Polly Sebastian is in the thick of it. She has traveled to London, September 1940, with the intention of getting a job in a department store in the middle of town. She arrives during a bombing raid and is ushered into a shelter full of people who will change her life.

Mike Davis wanted to see some true citizen-heroes, so he posed as an American reporter in order to witness the Dunkirk Rescue in May of 1940. He ends up far from Dunkirk, however, and his efforts to get there end up in him becoming part of the action.

"Oy dinn't do nuffin'"

“Oy dinn’t do nuffin'”

Eileen O’Reilly has gone to witness the children’s evacuation of 1939-1940. She poses as a maid in a manor house in the country, there to watch over children who had been sent from London to keep them safe from the war. Eileen has to not only contend with dozens of city children, an outbreak of the measles, and learning to drive an ancient Bentley, but she also has two of the most terrible children in England under her care – Alf and Binnie Hodbin.

All of these assignments would be a major task for any historian, but these three soon discover that they are not in an ordinary situation. It becomes clear to them that their actions are having consequences – Mike saves a soldier who in turn helps hundreds more. Polly says a few words that changes a young woman’s life. Eileen gives medicine to a young girl that no one living at that time would have given, thus keeping her alive. The unbreakable rule about historians not being able to affect the continuum seems to be bending.

What’s worse, none of them are able to access their “drop points” to return to 2060. They’re stuck in a strange and dangerous time, and are now just as at risk as any contemporary person is.

This was originally meant to be only one book – All Clear – but it kept growing and expanding so much that Willis split it into two volumes. This allowed her to not only show off what must have been an immeasurable amount of research over the eight years it took to write the novels, but gave us more time to become immersed and invested in a story that is both funny and heart-wrenching in turns. Our time-travelers are in very real danger, of more than one sort, and you really do feel their desperation and hope for their success.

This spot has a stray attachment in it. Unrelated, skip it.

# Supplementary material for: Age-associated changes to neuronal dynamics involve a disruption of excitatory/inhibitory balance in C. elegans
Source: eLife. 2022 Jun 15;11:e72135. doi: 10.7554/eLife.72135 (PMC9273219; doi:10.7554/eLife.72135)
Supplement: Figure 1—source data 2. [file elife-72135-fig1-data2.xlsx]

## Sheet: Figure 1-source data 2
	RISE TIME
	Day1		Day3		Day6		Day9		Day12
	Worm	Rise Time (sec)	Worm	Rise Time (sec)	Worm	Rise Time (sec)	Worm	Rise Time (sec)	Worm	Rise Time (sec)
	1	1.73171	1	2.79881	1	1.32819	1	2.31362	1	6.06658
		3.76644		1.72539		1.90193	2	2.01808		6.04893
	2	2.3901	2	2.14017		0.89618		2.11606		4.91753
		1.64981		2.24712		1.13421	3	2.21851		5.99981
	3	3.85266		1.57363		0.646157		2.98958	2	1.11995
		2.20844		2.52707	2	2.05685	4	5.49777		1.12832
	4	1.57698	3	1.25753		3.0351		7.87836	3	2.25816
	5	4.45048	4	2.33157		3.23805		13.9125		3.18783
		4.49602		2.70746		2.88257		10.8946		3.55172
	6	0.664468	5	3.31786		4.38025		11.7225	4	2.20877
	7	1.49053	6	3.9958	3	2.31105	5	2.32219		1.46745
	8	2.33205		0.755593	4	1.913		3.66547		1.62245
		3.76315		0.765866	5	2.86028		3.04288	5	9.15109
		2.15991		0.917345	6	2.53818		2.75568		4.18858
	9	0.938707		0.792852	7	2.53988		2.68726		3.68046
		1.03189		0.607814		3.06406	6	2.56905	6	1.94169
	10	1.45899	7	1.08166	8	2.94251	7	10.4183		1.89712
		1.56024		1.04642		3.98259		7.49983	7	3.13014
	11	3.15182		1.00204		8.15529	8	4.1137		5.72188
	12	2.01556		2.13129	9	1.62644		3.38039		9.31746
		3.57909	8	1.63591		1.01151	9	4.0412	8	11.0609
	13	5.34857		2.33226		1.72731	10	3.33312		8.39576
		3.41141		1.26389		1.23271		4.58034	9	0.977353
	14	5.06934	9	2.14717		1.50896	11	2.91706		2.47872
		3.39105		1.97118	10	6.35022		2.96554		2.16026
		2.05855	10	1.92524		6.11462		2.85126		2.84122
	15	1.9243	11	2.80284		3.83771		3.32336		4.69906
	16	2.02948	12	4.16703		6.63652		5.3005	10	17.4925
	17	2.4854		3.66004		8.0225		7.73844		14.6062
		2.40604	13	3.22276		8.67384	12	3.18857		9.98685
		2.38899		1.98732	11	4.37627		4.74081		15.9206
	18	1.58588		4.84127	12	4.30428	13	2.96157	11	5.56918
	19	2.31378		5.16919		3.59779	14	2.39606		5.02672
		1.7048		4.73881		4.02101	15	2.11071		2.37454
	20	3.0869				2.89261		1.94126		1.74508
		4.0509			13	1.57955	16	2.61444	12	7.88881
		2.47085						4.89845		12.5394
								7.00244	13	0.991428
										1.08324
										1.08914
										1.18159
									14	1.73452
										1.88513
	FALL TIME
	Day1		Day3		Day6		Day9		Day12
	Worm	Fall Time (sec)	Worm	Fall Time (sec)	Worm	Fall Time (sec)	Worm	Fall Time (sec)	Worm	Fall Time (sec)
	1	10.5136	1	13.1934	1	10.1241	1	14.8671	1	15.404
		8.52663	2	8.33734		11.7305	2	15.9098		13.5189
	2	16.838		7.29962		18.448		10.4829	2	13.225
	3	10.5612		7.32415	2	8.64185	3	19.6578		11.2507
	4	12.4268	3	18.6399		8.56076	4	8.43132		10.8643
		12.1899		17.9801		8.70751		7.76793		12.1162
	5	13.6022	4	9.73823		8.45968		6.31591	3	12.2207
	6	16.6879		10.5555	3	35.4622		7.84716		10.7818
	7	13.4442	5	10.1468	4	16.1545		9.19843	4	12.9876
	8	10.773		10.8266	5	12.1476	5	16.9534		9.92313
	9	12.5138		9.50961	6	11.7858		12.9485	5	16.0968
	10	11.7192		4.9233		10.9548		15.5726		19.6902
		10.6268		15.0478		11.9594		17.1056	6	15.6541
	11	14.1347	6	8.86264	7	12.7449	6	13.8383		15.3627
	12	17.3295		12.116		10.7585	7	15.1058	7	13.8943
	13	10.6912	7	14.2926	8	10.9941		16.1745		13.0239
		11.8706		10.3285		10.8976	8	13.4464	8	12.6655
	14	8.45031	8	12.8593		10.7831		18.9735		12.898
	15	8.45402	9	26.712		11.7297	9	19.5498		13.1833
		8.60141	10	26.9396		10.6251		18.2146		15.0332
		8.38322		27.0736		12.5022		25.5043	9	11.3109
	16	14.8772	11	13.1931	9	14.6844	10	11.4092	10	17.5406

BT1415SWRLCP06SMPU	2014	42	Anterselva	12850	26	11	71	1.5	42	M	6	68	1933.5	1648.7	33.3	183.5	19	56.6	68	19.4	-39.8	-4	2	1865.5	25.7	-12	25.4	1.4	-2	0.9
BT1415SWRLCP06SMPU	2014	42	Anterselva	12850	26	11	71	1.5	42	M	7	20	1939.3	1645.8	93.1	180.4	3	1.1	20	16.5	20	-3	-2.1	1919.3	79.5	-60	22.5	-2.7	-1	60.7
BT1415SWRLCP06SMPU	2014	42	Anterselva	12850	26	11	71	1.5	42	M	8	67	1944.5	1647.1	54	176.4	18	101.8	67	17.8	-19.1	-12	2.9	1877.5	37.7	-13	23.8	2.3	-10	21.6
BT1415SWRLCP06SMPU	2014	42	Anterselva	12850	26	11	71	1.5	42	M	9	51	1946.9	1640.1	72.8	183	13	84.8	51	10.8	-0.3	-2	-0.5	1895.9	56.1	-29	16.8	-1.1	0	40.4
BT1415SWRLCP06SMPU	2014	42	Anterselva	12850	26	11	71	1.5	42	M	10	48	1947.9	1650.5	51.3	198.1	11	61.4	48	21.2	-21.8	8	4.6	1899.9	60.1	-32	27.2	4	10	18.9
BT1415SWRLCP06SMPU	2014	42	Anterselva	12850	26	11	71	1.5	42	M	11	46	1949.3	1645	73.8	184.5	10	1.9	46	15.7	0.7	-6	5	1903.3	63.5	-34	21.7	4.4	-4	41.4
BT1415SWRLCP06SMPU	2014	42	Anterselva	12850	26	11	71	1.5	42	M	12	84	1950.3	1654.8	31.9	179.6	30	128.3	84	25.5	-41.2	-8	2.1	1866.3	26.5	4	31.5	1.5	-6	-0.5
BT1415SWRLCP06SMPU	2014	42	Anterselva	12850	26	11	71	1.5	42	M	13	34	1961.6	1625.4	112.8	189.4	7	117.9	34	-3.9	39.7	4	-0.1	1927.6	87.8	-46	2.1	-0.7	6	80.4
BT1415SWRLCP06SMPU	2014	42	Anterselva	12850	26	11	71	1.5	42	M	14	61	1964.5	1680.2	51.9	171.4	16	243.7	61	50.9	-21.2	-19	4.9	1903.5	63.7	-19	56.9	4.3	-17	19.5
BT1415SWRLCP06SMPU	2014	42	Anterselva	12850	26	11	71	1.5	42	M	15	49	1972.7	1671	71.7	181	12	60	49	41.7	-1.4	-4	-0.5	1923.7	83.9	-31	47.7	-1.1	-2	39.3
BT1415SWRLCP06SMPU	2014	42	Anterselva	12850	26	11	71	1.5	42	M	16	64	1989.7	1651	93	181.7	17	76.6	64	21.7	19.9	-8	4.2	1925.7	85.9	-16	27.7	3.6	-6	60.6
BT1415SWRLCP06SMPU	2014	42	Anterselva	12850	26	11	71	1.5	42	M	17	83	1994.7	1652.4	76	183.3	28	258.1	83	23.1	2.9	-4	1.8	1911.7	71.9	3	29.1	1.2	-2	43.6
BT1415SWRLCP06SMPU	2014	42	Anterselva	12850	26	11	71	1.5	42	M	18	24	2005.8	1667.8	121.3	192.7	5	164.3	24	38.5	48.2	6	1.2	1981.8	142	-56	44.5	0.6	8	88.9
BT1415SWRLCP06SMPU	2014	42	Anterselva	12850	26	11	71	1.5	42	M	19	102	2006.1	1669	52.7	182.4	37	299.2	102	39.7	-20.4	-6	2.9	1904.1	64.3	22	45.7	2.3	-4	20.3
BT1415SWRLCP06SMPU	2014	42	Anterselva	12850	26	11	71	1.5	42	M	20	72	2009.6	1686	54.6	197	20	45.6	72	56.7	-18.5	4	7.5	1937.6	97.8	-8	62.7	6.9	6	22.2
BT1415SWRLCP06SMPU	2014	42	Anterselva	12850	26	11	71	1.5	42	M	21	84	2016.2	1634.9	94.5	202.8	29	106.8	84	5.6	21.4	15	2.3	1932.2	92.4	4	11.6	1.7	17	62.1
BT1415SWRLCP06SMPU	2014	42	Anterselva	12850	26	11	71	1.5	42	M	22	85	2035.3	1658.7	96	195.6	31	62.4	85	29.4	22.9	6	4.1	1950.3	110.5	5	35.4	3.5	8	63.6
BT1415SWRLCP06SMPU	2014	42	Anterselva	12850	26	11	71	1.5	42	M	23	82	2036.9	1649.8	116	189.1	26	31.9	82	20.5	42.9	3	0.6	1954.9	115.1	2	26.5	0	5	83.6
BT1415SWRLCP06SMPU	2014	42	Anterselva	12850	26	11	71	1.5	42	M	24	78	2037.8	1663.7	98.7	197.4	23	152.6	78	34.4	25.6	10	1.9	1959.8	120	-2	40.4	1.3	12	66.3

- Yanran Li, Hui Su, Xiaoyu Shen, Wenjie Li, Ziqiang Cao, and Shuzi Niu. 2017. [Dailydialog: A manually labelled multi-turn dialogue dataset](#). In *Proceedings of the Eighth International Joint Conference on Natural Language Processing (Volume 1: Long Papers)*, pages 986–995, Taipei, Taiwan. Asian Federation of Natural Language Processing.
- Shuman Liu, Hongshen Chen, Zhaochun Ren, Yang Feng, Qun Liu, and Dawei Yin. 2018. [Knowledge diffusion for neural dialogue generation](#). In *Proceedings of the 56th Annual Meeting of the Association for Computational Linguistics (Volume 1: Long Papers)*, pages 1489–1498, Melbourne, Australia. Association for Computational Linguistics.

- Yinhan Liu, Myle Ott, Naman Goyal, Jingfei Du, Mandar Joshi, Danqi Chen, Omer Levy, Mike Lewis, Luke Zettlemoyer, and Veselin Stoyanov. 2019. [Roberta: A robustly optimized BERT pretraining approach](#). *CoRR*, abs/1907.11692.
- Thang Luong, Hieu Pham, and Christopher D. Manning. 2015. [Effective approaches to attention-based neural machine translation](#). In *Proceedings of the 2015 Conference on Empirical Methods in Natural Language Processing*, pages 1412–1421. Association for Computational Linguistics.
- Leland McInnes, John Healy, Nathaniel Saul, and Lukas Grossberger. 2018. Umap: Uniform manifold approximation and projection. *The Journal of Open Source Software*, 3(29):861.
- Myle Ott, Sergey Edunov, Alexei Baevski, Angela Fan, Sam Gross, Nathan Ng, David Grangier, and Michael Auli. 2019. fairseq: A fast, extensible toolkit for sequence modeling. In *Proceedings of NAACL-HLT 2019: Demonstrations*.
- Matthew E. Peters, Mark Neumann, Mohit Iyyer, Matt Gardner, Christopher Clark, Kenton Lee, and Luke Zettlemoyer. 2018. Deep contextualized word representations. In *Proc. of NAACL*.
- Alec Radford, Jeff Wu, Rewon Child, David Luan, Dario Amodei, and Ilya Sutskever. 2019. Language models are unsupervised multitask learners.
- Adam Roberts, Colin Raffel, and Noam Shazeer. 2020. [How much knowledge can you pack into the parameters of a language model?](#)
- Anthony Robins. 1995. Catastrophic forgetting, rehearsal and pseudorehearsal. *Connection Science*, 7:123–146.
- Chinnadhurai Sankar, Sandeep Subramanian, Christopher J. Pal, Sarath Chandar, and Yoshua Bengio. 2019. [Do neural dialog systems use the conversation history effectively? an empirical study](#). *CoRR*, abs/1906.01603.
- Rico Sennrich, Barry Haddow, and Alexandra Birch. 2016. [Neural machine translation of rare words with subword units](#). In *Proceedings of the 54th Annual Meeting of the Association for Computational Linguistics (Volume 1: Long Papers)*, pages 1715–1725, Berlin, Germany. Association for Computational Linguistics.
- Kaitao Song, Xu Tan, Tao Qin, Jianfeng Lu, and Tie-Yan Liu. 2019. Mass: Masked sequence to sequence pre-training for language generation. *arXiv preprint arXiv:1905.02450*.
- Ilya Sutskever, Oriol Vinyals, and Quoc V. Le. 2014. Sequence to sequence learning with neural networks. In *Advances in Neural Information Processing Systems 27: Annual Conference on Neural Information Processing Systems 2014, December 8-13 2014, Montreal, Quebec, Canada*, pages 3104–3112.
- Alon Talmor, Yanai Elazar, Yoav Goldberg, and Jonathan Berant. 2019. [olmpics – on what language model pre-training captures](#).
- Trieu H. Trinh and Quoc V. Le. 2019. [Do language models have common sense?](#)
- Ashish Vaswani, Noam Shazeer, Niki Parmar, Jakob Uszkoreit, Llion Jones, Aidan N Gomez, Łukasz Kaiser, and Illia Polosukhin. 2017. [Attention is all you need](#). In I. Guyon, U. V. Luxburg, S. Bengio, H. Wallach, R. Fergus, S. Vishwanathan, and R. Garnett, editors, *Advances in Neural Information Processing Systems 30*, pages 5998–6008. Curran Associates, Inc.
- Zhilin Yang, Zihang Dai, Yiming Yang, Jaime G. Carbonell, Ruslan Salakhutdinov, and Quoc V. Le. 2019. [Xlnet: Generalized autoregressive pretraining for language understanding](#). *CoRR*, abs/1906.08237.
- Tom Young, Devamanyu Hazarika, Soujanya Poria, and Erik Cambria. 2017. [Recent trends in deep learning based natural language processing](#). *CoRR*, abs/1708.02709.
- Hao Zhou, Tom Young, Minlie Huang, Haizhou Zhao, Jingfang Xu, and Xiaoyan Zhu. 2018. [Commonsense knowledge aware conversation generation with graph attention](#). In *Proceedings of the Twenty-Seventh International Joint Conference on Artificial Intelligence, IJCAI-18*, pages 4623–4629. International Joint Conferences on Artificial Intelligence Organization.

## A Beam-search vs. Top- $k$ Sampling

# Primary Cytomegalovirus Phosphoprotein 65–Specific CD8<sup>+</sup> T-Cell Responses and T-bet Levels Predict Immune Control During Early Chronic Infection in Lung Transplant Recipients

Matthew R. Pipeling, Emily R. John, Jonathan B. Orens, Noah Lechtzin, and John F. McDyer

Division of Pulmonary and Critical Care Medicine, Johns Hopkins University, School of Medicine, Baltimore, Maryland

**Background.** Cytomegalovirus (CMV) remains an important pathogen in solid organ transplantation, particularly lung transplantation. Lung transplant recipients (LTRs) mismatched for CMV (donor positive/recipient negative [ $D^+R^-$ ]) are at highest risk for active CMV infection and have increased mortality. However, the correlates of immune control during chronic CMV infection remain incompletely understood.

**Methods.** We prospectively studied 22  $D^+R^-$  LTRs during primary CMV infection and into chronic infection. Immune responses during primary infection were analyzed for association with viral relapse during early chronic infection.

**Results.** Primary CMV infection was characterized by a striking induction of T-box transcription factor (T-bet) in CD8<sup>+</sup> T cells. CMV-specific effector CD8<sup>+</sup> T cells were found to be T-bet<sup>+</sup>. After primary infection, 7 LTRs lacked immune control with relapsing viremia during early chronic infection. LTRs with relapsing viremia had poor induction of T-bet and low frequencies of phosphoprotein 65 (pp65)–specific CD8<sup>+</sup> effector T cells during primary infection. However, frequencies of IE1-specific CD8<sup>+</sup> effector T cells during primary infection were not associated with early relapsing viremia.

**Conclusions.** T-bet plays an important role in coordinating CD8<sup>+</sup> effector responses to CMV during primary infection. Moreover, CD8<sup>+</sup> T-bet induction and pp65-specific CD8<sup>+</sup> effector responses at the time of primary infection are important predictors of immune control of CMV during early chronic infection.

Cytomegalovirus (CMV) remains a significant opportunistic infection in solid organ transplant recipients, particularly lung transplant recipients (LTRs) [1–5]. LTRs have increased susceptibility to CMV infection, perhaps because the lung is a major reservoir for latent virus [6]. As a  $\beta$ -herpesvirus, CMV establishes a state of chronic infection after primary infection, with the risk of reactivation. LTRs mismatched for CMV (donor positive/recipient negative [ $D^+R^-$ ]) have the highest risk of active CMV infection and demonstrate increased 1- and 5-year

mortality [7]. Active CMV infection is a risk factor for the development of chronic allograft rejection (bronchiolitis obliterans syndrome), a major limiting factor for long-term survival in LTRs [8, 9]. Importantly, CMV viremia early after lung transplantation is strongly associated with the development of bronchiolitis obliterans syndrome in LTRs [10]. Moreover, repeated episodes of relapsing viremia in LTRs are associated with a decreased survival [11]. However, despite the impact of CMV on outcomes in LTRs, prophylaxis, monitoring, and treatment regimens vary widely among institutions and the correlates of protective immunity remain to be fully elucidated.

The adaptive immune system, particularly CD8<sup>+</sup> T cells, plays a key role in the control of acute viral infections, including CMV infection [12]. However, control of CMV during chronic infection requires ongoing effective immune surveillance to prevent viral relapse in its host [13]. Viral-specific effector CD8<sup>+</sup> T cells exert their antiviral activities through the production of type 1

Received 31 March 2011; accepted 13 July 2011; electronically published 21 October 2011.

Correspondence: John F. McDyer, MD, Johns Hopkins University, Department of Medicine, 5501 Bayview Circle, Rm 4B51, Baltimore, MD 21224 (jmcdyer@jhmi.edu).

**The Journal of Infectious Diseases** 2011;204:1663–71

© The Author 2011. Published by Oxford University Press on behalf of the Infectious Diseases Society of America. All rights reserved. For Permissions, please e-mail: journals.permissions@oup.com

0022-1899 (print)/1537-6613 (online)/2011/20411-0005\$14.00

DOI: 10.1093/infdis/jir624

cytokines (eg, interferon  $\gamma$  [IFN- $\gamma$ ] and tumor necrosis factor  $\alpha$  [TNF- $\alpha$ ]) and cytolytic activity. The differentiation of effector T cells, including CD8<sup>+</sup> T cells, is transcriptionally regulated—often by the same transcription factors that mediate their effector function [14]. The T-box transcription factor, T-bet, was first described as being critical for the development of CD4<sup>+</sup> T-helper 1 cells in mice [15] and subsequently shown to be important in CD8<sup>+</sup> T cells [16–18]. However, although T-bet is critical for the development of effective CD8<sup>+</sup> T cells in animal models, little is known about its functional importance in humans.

There, there now. Train tracks are much safer than what's going on up there.

There, there now. Train tracks are much safer than what’s going on up there.

It would be so hard to sum up this book, except to say that it reminds us that everything – and everyone – is significant. The fate of the future rests on the backs of not only generals and prime ministers, but on shopkeepers and children. Words can change the world just as much as bombs, and every action you take contributes to the vast, infinitely complex unfolding of history. As our characters learn, there is no such thing as a passive observer. We are all part of the history, the society, and the world around us, whether we like it or not.

We may not know how it’s all going to unfold in the end, for good or ill, and that’s unfortunate. So all we can do when faced with an uncertain future is what the British did when oblivion came flying over the Channel to their shores. Stand firm and do your bit, and let history take care of itself.

—————————————-
“TO ALL THE
ambulance drivers
firewatchers
air-raid wardens
nurses
canteen workers
airplane spotters
rescue workers
mathematicians
vicars
vergers
shopgirls
chorus girls
librarians
debutantes
spinsters
fishermen
retired sailors
servants
evacuees
Shakespearean actors
and mystery novelists
WHO WON THE WAR.”
― Connie Willis, All Clear – dedication

Connie Willis on Wikipedia
Blackout and All Clear on Wikipedia
Blackout and All Clear on Amazon.com
The Connie Willis Blog

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1 Comment

Filed under Connie Willis, England, history, science fiction, time travel, war

One response to “Review 204: Blackout & All Clear

  1. Steven Atwood

    Sounds very interersting